For the last 15 years, US journalist Gary Taubes has been the self-nominated public enemy No 1 of the global “healthy eating” establishment. His heresy has been to argue powerfully and publicly that the official diet advice we have been encouraged to follow since the 1970s is fundamentally wrong. It is refined carbohydrates and sugars that we should be avoiding, he says, not fat.
His apostasy was dismissed by many health professionals in a sustained, near operatic chorus of censure. After all, he had committed the cardinal crime of suggesting that august government nutrition professors and the academic researchers who inform them had made an inexcusable error of judgement, with catastrophic consequences: an epidemic of obesity and diet-related ill-health of a magnitude that had no precedent.
Taubes’s latest book, The Case Against Sugar, looks to be less controversial, if only because so-called guardians of public health have of late subtly re-emphasised in government eating guidelines the role of sugar as a dietary villain, adopting what Taubes calls the “we knew it all along” approach. They have yet to admit that the natural saturated fats they have long demonised, such as butter, are healthier than the highly refined liquid oils and polyunsaturated margarine spreads they continue to recommend, even though the scientific inadequacy of this advice is being steadily exposed. In Taubes’s view, major nutrition authorities “have spent the last 50 years blaming dietary fat for our ills while letting sugar off the hook”.
But Taubes is like a terrier with a bone. He won’t let purveyors of this bankrupt diet paradigm get away with a bit of pragmatic sugar reduction tokenism. In order to firmly hammer the nails in the coffin of the case against sugar, he sets out to nail the lie on which it is predicated: that the tidal wave of obesity and type 2 diabetes sweeping the western world is caused by overconsumption and sedentary behaviour. This contention currently forms the bedrock of official nutrition advice worldwide. “The fundamental cause of obesity and (being) overweight is an energy imbalance between calories consumed and calories expended,” is how the World Health Organisation puts it. Custodians of public health have prescribed this “eat less/move more” doctrine for decades, to embarrassingly little effect.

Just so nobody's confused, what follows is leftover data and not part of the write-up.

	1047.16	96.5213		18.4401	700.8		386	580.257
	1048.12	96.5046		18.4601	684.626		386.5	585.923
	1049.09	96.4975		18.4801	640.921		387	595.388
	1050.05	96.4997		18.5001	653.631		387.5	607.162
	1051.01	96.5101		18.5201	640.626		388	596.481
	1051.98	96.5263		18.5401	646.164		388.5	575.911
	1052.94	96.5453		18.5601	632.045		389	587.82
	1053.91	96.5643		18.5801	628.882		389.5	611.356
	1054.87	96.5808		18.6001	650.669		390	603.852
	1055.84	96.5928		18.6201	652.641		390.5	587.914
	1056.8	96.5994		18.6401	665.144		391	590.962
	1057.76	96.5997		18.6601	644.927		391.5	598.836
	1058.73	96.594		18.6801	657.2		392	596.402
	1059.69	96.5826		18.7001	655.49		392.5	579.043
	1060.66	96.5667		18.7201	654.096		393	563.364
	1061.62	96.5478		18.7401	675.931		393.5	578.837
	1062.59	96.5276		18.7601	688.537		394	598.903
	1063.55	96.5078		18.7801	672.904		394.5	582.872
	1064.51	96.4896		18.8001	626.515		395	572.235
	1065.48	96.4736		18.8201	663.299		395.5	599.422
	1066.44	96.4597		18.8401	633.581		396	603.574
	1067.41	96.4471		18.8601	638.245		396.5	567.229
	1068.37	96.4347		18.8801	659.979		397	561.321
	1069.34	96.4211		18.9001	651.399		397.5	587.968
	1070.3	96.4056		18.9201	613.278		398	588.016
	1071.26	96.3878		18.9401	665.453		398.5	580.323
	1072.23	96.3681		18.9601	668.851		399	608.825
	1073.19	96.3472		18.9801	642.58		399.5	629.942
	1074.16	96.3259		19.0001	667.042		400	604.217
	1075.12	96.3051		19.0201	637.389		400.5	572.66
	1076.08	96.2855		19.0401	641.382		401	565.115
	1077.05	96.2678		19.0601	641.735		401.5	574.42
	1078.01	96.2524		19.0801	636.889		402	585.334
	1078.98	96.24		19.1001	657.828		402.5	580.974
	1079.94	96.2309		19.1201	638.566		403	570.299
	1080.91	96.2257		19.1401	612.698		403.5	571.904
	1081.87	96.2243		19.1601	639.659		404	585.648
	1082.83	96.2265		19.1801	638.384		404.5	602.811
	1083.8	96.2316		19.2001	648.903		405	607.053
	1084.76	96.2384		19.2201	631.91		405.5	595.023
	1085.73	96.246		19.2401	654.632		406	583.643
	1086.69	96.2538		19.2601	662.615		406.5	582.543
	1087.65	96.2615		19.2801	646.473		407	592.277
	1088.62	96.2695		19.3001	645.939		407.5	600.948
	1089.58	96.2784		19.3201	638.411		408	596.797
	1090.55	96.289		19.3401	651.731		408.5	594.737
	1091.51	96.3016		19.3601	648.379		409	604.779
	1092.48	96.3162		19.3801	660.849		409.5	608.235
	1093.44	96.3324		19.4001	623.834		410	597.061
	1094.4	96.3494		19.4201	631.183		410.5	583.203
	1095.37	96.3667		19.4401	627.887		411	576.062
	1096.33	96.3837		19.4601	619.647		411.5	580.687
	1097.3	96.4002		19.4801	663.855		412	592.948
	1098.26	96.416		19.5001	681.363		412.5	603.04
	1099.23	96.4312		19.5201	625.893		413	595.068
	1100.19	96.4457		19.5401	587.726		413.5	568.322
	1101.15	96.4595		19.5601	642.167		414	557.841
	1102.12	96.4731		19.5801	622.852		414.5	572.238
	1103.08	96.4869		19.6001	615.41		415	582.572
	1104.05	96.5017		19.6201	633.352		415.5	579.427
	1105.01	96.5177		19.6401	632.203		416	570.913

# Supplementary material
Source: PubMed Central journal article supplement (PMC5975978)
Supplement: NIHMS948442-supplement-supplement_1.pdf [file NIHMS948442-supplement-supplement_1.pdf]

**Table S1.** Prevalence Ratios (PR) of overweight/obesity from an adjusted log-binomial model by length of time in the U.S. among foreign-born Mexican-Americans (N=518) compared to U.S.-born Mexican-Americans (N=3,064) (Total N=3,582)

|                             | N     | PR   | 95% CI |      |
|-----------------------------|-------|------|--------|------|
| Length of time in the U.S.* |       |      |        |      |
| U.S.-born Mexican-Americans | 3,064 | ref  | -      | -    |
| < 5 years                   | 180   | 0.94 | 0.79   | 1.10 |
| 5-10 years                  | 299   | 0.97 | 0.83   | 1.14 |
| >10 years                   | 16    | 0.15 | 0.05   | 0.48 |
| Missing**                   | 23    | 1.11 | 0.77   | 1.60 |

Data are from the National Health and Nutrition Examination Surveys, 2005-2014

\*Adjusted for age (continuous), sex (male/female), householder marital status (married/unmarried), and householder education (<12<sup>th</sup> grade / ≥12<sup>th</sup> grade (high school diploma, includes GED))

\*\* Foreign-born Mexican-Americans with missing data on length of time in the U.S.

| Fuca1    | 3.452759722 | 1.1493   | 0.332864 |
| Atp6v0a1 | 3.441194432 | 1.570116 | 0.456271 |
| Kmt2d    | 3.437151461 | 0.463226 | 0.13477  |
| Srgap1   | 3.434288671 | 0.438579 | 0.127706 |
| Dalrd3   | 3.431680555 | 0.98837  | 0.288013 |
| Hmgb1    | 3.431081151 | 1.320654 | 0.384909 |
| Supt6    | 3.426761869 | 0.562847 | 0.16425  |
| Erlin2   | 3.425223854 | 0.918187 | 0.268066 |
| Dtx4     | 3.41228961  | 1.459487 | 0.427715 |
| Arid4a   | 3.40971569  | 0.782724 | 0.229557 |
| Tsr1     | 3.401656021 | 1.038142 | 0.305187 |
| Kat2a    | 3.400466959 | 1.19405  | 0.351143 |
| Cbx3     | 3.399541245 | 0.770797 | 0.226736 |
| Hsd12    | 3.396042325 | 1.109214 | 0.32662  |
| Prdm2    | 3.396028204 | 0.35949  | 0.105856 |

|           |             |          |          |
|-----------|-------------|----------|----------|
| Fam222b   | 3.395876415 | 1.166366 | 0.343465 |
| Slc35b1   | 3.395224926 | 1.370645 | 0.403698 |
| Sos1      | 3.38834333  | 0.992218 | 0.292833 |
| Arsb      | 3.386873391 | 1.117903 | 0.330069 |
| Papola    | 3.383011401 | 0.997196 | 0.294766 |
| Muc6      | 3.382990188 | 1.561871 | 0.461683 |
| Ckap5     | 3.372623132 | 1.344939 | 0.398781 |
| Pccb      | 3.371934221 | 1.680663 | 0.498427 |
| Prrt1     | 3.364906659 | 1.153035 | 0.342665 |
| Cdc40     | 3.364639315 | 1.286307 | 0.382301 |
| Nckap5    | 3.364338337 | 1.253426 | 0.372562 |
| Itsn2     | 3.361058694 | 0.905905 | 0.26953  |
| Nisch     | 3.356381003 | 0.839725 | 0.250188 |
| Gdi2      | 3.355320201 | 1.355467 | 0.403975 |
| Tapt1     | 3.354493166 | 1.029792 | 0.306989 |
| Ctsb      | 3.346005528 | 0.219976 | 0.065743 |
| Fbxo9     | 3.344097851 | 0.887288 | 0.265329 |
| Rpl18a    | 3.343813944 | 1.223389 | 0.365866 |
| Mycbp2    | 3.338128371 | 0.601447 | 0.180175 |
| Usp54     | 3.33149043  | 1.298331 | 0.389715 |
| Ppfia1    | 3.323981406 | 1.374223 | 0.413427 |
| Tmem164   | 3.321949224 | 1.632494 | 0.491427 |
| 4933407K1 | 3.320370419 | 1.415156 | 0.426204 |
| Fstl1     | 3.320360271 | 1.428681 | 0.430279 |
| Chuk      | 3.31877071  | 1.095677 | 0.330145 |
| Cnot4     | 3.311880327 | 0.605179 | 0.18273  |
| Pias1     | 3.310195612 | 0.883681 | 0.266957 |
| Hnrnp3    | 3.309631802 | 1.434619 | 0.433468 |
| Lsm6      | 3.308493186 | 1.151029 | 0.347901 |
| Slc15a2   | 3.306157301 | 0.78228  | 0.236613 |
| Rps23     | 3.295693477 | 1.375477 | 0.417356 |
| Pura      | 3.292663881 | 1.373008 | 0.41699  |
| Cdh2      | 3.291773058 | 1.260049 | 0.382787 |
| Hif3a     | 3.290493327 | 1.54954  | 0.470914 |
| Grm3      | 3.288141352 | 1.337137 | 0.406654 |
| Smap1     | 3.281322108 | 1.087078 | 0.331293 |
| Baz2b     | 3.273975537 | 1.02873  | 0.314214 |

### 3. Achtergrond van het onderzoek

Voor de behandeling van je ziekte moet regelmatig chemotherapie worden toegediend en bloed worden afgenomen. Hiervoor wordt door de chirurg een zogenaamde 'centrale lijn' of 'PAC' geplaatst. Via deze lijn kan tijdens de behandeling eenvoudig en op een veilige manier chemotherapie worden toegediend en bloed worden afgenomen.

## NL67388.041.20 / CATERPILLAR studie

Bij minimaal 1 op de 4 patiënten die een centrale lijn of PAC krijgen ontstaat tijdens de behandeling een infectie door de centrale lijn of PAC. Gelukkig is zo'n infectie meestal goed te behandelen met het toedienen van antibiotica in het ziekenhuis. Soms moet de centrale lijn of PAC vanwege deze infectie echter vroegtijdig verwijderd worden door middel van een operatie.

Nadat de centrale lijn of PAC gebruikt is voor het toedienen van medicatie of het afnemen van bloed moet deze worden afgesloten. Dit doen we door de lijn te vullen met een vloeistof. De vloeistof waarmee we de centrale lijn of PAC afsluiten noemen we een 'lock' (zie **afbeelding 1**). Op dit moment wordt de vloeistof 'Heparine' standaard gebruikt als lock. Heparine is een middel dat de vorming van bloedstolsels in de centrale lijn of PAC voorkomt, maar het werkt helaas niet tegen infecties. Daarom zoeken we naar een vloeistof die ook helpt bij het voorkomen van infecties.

Taubes shows how this “energy balance” explanation of swollen waistlines draws its apparent intellectual credibility from a myth that suits the processed food industry: “There’s no bad food, only bad diets.” Using this “balanced” diet argument, big food can persuade us that we can stay healthy while eating junk daily. This is the warped thinking that allows hospital shops to stock up with fizzy drinks and assorted sweet, starchy rubbish and heap patients’ meal trays with jelly and custard. Government diet advisers can be relied upon to faithfully promote the “everything in moderation” and “a calorie is a calorie” parables, so aiding and abetting food and drink companies’ use of sugar to lend false palatability to their nutritionally degraded products.
Taubes, however, argues that sugars are bad in and of themselves, that they have “a unique physiological, metabolic and endocrinological (hormonal) effect on our bodies”. Sugars are what an evolutionary biologist might call the environmental or dietary switch that triggers a genetic predisposition to obesity and turn an otherwise healthy diet into a harmful one. They are, says Taubes, the most likely triggers of “insulin resistance”, the condition that leads to obesity, diabetes and a number of other diseases, from gout and varicose veins to irritable bowel syndrome and asthma. “Once this process starts, easily digestible, carbohydrate-rich foods aid and abet it.”
For Taubes, sugar is at the root of all “the diseases of westernisation”, including cancer, even Alzheimer’s disease, which researchers now increasingly refer to as “type 3 diabetes”. “Put simply,” he writes “without these sugars in our diets, the cluster of related illnesses would be far less common than it is today.” — The Guardian